French President Emmanuel Macron might have hoped to focus this week on what may prove the biggest domestic test of his leadership, as France’s Constitutional Council prepares to rule Friday on whether or not he can push ahead with controversial pension reforms.
Instead, he finds himself grappling with international blowback from last week’s friendly visit to China – and in particular from comments that have made him rather unpopular both in Washington DC and with some of his allies in Europe.
On his flight home from Beijing, Macron gave an interview to POLITICO Europe. In it, he said that Europe must not become “just America’s followers” when asked about the prospect of China invading Taiwan.
“The question Europeans need to answer … is it in our interest to accelerate [a crisis] on Taiwan? No. The worse thing would be to think that we Europeans must become followers on this topic and take our cue from the US agenda and a Chinese overreaction,” Macron said, adding that Europe must not get “caught up in crises that are not ours, which prevents it from building its strategic autonomy.”
Strategic autonomy is a Brussels term that refers to the EU having an independent geopolitical policy, which relies in part on the bloc being able to become a third power and not get squashed between the US and China. However, the China hawks, typically in Eastern Europe, have always been skeptical of anything that puts clear water between Europe and the US, who they see as the ultimate protectors of European territory through NATO.
Macron has since attempted to downplay his comments, saying on Wednesday that France was “for the status quo in Taiwan” and that position “has not changed.” But the hawks have already hit back.
Polish Prime Minister Mateusz Morawiecki said: “Instead of building strategic autonomy from the United States, I propose a strategic partnership with the United States.” Lithuania’s foreign minister tweeted “We are capable of defending Europe without Chinese help. Instead of requesting assistance we should be projecting our strengths.”
Eastern European diplomats have been less subtle. One said that Macron is “simply tone deaf to everything happening in the world. No wonder Macroning has become a synonym of bullshitting without any result.” Another said they “cannot understand” Macron, that his visit to Beijing and remarks on Taiwan were “not helpful” and that Europe should engage with countries that “value democracy and the rule of law” over China.
Macron’s trip was further undermined when Beijing performed military rehearses encircling Taiwan the day after he left China.
Risks to US ties
European diplomats and officials say that while Macron doesn’t speak for Europe and that the 27 EU member states have all agreed on an approach to China, they are aware that his comments – and, they believe, attempts to present himself as the EU’s leader – could cause Europe real problems with the US, particularly in terms of European security.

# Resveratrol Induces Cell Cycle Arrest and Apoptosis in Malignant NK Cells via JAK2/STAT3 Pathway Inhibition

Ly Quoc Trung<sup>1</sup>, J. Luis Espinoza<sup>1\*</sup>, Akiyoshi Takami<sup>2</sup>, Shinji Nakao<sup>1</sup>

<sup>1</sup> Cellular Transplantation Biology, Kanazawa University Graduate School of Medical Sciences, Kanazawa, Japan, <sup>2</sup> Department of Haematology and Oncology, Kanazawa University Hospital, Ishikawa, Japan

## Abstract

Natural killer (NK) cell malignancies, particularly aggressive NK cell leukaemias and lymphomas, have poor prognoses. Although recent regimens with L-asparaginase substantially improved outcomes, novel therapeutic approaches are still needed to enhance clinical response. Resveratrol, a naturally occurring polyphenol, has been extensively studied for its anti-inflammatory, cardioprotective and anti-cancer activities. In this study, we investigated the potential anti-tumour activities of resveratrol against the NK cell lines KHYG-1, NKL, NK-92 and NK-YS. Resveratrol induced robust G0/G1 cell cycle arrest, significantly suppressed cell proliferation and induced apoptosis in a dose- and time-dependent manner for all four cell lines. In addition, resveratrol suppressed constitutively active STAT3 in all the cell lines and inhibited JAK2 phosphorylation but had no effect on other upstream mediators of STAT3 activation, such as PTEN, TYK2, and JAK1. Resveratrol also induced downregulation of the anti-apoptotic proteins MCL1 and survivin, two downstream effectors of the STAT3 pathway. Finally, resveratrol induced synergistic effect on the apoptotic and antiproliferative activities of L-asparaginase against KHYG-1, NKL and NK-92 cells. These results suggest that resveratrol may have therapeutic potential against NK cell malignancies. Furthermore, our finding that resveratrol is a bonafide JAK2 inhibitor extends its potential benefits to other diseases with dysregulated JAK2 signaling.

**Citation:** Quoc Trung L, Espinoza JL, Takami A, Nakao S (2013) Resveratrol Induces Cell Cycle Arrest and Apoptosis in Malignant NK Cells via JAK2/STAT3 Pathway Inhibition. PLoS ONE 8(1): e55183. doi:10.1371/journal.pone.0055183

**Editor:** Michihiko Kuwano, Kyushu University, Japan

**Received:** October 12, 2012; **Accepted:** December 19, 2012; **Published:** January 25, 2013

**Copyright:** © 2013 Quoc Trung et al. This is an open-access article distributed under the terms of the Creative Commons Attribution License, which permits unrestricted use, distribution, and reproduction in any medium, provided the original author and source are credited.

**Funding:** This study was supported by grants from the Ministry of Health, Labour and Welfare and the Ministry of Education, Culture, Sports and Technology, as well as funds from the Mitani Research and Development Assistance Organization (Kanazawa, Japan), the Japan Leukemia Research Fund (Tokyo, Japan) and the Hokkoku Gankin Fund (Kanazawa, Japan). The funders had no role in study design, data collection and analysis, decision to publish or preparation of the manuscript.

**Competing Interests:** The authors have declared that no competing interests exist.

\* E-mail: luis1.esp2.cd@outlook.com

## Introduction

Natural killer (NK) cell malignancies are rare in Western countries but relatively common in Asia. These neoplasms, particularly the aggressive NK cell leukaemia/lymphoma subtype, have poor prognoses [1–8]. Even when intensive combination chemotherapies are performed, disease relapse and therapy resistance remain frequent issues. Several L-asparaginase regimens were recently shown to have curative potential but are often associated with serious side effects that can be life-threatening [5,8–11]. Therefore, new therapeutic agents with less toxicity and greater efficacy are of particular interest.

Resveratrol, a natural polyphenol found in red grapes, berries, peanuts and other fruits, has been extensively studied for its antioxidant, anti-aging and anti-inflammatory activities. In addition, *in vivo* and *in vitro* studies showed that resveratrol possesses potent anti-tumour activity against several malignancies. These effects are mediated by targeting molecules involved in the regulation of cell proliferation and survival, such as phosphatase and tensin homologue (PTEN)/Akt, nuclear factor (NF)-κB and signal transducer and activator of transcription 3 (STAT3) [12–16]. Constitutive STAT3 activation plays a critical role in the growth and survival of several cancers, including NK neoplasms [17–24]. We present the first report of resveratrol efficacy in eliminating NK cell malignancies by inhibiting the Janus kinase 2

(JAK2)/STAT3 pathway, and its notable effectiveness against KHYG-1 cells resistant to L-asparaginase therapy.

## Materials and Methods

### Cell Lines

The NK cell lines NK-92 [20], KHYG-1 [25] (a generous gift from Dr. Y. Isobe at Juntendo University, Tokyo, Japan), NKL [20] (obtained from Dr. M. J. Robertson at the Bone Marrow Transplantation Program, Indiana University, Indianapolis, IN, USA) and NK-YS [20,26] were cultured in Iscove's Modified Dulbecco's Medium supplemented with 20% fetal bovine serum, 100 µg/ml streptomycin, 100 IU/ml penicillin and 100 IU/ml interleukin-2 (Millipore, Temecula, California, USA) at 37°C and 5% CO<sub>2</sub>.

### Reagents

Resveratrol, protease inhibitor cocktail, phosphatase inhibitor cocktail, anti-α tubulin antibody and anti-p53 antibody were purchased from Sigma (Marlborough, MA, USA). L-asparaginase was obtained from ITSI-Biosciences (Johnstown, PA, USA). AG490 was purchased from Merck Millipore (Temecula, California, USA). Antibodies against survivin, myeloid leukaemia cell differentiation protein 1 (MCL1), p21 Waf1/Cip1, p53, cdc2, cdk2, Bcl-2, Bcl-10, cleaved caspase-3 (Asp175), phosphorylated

And they’d be correct. Multiple US government sources told CNN that while they are aware that Macron indeed doesn’t speak for all of Europe, they are concerned that his words make it much harder to make the case for a strong transatlantic alliance to lawmakers in DC.
Case in point: Florida Senator Marco Rubio posted on Twitter shortly after Macron’s comments were published, suggesting that if Macron “speaks for Europe” then maybe the US should focus on its objectives and let “you guys handle Ukraine and Europe.”
The US government sources said Macron’s comments would only add to the skepticism some Republican lawmakers have about open-ended financial support to Ukraine, and fear the remarks could even contribute to a decision to block or curtail such funding. Worse, the sources also fear it could disrupt NATO unity – which has been remarkably strong since the start of the Ukraine crisis – if countries start unilaterally undermining the priorities of others.
A European government official who was at NATO headquarters for a meeting last week said there was broad agreement among the allies, including France, that Taiwan and security in the Indo-Pacific region was of crucial importance to the alliance. They were surprised to see Macron’s comments so soon after that meeting.
For all that Macron’s comments could be put down to a president under pressure at home doing things on the world stage to create a distraction, his comments on Taiwan have done real damage to the fragile transatlantic relationship.
It might not have been his intention, but Macron’s comments have come at a yet unknown cost. And meanwhile, at home, he still faces a serious political crisis.
His proposal to raise the retirement age from 62 to 64, which was pushed through parliament without a vote, caused violent protests and nationwide strikes.
The reforms include other cost-cutting measures and are, Macron’s government says, essential in preventing the pension system from collapsing. Social reforms like this were central to his 2022 re-election campaign. If they are blocked by the Constitutional Council, it will be a huge embarrassment for Macron.
“Even if he gets his way, even if he sacks his prime minister, Macron has taken a huge political hit and it’s hard to see how there won’t be even more protests,” says Aurelien Mondon, senior lecturer in politics at the University of Bath. “He has always wanted to lead as the all-powerful, sole leader of France. Whatever goes wrong, it’s on him.”